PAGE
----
Poker is a game of chance in which players try to get the best hand. It is played at home, at the casino, and in tournaments. The game can be fun and exciting, or it can be a frustrating experience that can lead to financial disasters. It is also an excellent training tool for players of all skill levels.
It teaches you to be patient and flexible.
You need to be able to adapt to changing circumstances in poker, and this skill is important for life outside the casino. It can help you keep your stress level under control and avoid letting emotions overpower you.
It also teaches you to stay calm and rational.
In this fast-paced world, it is easy to let your emotions run away with you, and this can have negative consequences. It is critical that you maintain a calm and rational approach to the game, so you can make the right decisions for your financial future.
It teaches you to take risks and assess them properly, which can be essential in business.
The risk assessment and decision-making skills you learn in poker can apply to other aspects of your life, such as work, finances, and relationships. It can help you be a better leader and manager, too.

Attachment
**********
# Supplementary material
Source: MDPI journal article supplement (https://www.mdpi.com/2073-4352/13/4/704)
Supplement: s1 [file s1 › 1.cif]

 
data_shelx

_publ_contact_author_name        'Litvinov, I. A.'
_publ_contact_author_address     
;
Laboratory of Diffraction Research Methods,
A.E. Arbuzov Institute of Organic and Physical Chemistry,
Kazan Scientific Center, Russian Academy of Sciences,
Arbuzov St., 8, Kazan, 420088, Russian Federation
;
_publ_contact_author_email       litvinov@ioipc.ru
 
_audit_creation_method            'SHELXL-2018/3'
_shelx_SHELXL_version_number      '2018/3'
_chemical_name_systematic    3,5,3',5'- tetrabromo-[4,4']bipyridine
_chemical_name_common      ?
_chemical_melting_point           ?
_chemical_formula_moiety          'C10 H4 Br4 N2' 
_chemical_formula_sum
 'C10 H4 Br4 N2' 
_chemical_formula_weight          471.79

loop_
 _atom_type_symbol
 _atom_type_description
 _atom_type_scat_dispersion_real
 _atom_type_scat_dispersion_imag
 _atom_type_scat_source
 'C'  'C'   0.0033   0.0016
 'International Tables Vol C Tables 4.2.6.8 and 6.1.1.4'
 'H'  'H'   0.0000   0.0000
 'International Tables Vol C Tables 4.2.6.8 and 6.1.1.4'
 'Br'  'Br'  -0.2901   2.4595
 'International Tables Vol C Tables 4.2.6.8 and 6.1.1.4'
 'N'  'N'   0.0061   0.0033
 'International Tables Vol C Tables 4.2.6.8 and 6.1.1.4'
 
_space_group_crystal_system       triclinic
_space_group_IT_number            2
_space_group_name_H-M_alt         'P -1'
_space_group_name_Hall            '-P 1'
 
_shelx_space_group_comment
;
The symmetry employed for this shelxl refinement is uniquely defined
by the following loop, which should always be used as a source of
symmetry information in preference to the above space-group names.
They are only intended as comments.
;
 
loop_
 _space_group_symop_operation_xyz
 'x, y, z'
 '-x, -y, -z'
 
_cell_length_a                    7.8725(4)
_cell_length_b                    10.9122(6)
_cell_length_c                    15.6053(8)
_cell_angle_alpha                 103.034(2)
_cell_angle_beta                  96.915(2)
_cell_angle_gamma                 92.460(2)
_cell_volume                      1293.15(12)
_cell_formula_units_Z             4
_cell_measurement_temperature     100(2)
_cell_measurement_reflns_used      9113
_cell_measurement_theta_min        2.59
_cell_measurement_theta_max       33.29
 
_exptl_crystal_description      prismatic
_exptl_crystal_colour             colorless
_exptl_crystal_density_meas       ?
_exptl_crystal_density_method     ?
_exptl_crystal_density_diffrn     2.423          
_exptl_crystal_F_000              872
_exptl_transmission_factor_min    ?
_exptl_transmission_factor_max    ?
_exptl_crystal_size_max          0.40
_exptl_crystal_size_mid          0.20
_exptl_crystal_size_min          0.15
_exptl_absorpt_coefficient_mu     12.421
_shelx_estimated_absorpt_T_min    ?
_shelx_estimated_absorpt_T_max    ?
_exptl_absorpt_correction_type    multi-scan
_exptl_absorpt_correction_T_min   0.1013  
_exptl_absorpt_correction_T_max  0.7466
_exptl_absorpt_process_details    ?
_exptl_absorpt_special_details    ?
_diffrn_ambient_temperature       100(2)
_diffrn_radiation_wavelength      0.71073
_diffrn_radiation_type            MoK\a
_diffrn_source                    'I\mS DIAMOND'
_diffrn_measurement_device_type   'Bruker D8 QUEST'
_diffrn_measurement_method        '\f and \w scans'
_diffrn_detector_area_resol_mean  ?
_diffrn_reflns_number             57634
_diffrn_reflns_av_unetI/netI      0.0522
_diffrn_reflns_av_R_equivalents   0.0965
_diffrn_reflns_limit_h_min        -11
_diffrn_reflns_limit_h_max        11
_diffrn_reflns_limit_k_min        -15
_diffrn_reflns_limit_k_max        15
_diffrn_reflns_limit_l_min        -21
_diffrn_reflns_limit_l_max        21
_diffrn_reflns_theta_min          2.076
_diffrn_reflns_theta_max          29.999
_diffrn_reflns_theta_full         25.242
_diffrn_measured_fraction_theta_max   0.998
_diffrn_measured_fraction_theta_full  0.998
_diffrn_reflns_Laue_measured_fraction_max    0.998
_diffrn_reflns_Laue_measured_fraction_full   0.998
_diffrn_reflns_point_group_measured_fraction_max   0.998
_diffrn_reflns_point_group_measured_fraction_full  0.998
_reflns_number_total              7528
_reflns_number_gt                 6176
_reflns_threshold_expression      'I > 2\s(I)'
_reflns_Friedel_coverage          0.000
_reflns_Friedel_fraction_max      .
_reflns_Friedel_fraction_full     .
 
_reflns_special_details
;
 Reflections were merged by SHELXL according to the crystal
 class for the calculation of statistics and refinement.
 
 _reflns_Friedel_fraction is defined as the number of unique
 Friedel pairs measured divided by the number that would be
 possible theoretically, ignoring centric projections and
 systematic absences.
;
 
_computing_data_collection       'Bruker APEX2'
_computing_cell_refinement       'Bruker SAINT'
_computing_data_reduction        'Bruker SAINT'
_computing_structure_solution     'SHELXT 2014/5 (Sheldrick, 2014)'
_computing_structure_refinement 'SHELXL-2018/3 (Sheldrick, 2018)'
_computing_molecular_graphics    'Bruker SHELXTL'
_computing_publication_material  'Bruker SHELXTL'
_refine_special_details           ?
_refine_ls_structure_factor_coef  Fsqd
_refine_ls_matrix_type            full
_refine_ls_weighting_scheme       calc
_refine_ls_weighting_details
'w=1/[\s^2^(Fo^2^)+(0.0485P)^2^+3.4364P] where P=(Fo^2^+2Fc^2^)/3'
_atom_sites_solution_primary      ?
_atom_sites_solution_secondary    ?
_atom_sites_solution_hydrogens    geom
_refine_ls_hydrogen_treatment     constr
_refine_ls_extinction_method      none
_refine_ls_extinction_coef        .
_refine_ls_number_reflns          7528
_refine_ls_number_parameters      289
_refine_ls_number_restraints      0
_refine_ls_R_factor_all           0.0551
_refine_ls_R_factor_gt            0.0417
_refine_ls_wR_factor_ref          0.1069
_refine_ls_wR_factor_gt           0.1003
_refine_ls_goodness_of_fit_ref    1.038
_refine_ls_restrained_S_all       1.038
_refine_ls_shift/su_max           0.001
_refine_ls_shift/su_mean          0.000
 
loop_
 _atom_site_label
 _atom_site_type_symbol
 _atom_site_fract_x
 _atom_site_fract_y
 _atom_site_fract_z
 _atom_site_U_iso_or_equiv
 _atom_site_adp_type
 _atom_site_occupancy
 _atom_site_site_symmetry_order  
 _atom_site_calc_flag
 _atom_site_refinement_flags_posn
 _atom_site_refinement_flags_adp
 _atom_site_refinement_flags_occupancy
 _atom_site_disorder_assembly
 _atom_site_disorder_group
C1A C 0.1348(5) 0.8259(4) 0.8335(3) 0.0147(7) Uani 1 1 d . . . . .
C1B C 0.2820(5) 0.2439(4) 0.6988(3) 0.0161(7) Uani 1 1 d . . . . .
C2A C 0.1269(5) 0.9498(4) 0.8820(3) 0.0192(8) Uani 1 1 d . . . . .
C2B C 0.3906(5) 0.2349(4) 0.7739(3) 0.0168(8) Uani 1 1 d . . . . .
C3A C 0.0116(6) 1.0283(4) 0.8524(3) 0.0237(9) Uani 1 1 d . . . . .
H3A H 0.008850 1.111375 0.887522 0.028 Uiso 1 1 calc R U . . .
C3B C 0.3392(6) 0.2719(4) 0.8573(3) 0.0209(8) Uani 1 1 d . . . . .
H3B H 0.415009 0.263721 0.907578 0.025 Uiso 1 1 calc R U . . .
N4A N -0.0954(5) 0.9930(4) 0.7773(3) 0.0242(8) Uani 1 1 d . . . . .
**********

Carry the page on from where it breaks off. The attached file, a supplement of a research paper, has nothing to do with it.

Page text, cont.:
It teaches you to be flexible and understand that sometimes the rules of the game are not what you expect.
You must be able to adapt quickly to change in order to succeed at poker. You need to be able to understand that there are times when you need to act quickly in order to win the hand, and others when it is better to sit back and wait for the other player to play their cards.
It teaches you to be disciplined and confident in the face of adversity.
Whether you are a casual poker player or a seasoned professional, the game of poker is an intense one. If you are not able to keep your emotions in check, you will likely lose at a much higher rate than if you can remain calm and patient.
It teaches you to be honest and open with your opponents.
There are times when you will have to be honest with your opponent about the strength of your hand. This can be a scary proposition for some players, and it can make them nervous and uncomfortable at the table. But if you are honest and open, it can help you avoid being seen as a bluffing fool.
It teaches you to be decisive and to think on your feet.
If you’re unsure about whether or not you have a good hand, bet early to increase your chances of winning the pot. This is an excellent strategy for beginners because it can help you build up a good stack to start a solid run of winning hands.
It teaches you to be persistent and aggressive when the stakes are high.
In poker, you need to be able to win big when you have a strong hand. This is a tough skill to master, but it can be learned with practice and patience. You should aim to be the highest ranked player in your table at least once every week, and you should strive to win more than half of the hands you play.